CON: One thing I really don't like is that on this silver-colored device, there's an annoying imprint right across the top spelling out ZIP. It's kind of tacky-looking, in my opinion. As you can see, the green shade also has some kind of imprint. Ugh. I wish I had gotten the Red or Peach color... The Grey looks too much like the Juul I have.

Looks like the Green and Silver at the only ones jacked up with an imprint

Like I said, the kit was a try-me so I'm out zero dollars and should quit nitpicking. Looking around online, I see that the price ranges from $13 all the way up to $25. That's not expensive for most folk but I will just keep this ugly Silver one, thank you very much! I am still paying off credit card debt.

PRO & CON: To be honest, as someone who prefers sub-ohm vaping I don't know that I would pay more than $15 for this. However, I do like using pod devices for discretion when I am out and don't want to be seen huffing on a giant mod. I love my Smok Veneno and my fat Voopoo Caliber but they aren't the most delicate devices around.

PRO: This Zip kit felt almost as good as the Juul and we all know that the Juul is pricey and non-refillable. If I used pods exclusively, this Alpha Zip would be my jam.

Peace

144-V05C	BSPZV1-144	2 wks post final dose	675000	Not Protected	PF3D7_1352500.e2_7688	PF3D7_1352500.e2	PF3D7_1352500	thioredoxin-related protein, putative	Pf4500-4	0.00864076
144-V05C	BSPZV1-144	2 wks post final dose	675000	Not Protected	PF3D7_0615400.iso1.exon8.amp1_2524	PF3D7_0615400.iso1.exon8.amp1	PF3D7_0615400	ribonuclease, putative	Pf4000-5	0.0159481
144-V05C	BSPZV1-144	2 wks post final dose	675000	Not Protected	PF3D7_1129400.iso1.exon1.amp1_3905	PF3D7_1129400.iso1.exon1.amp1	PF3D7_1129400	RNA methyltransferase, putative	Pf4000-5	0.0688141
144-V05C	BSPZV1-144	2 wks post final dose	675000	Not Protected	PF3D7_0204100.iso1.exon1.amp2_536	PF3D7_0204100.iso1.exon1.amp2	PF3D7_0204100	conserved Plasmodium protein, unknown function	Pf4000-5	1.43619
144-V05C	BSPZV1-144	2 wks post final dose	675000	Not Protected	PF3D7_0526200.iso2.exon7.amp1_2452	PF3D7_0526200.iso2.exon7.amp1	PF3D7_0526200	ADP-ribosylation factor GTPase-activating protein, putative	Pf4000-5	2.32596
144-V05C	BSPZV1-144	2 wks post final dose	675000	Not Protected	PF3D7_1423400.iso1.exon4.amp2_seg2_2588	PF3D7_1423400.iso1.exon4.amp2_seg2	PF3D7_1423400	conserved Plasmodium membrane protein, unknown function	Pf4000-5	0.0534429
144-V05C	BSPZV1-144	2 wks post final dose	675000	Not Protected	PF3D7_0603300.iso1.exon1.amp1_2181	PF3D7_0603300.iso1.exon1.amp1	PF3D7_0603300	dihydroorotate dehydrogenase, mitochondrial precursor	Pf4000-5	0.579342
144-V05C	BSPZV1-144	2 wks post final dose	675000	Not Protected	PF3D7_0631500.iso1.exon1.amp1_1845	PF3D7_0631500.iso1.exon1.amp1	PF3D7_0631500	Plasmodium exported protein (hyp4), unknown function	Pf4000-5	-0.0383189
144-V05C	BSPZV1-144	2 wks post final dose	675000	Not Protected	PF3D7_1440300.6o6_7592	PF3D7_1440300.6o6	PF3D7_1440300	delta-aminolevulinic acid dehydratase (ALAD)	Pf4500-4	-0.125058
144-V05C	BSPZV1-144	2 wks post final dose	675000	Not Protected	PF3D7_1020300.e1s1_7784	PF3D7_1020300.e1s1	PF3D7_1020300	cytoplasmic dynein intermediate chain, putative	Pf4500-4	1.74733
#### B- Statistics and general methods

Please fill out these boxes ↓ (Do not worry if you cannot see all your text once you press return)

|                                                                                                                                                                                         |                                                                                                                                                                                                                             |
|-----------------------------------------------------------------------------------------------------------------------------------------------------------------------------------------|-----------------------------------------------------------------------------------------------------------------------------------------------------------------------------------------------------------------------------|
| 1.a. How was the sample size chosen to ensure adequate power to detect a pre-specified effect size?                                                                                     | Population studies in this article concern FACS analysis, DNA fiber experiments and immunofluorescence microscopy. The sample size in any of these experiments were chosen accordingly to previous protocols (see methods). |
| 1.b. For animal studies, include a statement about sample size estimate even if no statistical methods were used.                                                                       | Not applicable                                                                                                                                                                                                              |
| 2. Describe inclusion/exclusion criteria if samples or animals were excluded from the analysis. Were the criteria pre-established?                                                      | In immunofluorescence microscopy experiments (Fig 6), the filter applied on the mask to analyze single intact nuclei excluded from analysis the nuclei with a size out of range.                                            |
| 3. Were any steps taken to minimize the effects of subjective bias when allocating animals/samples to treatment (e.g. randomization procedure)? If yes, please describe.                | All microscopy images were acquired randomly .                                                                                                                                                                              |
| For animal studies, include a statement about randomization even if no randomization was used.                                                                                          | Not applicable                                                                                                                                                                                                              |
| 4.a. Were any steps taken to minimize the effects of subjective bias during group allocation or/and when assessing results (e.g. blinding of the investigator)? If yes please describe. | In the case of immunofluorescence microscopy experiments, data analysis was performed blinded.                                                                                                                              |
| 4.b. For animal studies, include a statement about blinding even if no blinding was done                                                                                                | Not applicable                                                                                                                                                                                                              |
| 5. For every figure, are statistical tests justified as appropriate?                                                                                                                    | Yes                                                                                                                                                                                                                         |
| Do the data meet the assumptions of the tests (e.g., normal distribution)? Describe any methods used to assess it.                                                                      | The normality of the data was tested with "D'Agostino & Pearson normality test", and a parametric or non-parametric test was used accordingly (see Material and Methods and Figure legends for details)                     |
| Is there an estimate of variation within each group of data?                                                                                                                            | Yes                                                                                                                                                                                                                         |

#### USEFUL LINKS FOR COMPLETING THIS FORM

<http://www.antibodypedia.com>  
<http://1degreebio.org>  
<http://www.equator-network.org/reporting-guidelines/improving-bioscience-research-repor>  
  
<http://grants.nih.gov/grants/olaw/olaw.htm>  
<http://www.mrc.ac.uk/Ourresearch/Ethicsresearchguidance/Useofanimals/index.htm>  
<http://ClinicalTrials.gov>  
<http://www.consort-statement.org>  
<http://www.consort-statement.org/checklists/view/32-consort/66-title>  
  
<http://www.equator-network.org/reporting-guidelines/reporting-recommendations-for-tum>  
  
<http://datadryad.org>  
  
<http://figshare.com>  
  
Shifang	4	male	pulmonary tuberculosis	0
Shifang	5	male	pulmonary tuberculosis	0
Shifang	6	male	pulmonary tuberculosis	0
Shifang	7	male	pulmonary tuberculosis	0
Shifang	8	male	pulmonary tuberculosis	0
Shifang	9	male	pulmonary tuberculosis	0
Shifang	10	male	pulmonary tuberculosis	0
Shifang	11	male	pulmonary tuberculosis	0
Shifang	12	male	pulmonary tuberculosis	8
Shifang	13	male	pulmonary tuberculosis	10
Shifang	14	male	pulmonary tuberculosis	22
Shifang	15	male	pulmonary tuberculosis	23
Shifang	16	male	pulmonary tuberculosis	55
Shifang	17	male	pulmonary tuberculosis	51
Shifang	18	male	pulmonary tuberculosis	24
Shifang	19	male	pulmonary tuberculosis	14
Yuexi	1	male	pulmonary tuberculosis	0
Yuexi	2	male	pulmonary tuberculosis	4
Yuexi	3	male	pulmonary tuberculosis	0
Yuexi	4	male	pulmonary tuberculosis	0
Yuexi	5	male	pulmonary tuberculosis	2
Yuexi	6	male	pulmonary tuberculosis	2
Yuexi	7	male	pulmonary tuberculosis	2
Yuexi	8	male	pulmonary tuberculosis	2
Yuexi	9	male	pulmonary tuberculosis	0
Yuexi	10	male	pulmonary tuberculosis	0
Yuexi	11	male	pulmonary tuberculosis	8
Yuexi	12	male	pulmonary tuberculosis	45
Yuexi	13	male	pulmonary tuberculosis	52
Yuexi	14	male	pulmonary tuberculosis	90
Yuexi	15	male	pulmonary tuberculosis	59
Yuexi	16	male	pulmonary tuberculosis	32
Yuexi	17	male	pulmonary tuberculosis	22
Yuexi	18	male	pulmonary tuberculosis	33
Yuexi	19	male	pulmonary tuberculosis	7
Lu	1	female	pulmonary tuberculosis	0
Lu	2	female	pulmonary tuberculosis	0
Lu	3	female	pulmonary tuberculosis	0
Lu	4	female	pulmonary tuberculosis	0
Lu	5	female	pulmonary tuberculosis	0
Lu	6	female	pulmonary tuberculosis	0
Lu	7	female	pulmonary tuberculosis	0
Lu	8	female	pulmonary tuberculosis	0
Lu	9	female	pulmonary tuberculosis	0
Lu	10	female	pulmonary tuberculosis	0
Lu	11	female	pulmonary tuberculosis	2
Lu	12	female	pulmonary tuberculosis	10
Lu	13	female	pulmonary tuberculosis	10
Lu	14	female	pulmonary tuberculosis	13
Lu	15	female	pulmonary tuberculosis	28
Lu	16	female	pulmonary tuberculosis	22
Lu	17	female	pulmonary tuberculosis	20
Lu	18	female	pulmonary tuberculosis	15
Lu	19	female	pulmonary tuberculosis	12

--Free


Wednesday, October 02, 2019

**UPDATE** Alternatives to Windows OS (for dummies)

Important: Please notice that since I am a novice, I'm not giving you my take on anything so much as I am providing links to information in this post. I guess I'm mostly saving you some of the trouble of hunting around for the information and, trust me, it took me a few days myself.

*****

UPDATE:
I was interested in trying out Zorin OS and ran into a couple of hesitations. 1: There is a $39 charge for the fully-loaded version (Ultimate). 2: While wondering about the safety of installing an additional OS, I did some Googling and ran across this:
Uh... WHAT??? 
Yeah, so... I think I will wait until I can get my brother or someone more experience to install any other OS on my PC. I did want to update and point out this possibility because I know that a lot of people jump in and do things without doing their own research. 
You have been warned...

In my last post, I talked about looking for alternatives to Microsoft's Office. I've been checking out a couple and will update that post when I've had time to evaluate the various software. For this post, I wanted to talk about alternative operating systems.

For some reason, I've never thought much about having many choices when it comes to operating systems. I barely think about any operating systems at all. I usually only think of Windows or Apple as competing brands, not operating systems. (I will focus more on those 2 brands in a later post.)

Let me first stop tiptoeing around and just admit that, I never even thought much about what an operating system actually is. And, since this is a For Dummies-type post, let's start with a definition:
An operating system is software that manages all of the hardware resources associated with your desktop or laptop. To put it simply, the operating system manages the communication between your software and your hardware. Without the operating system (OS), the software wouldn?t function. (source)
When I started looking around, I was surprised by the variety of choices.  First up was Linux - which has several types of versions (or types) of systems under it.

Source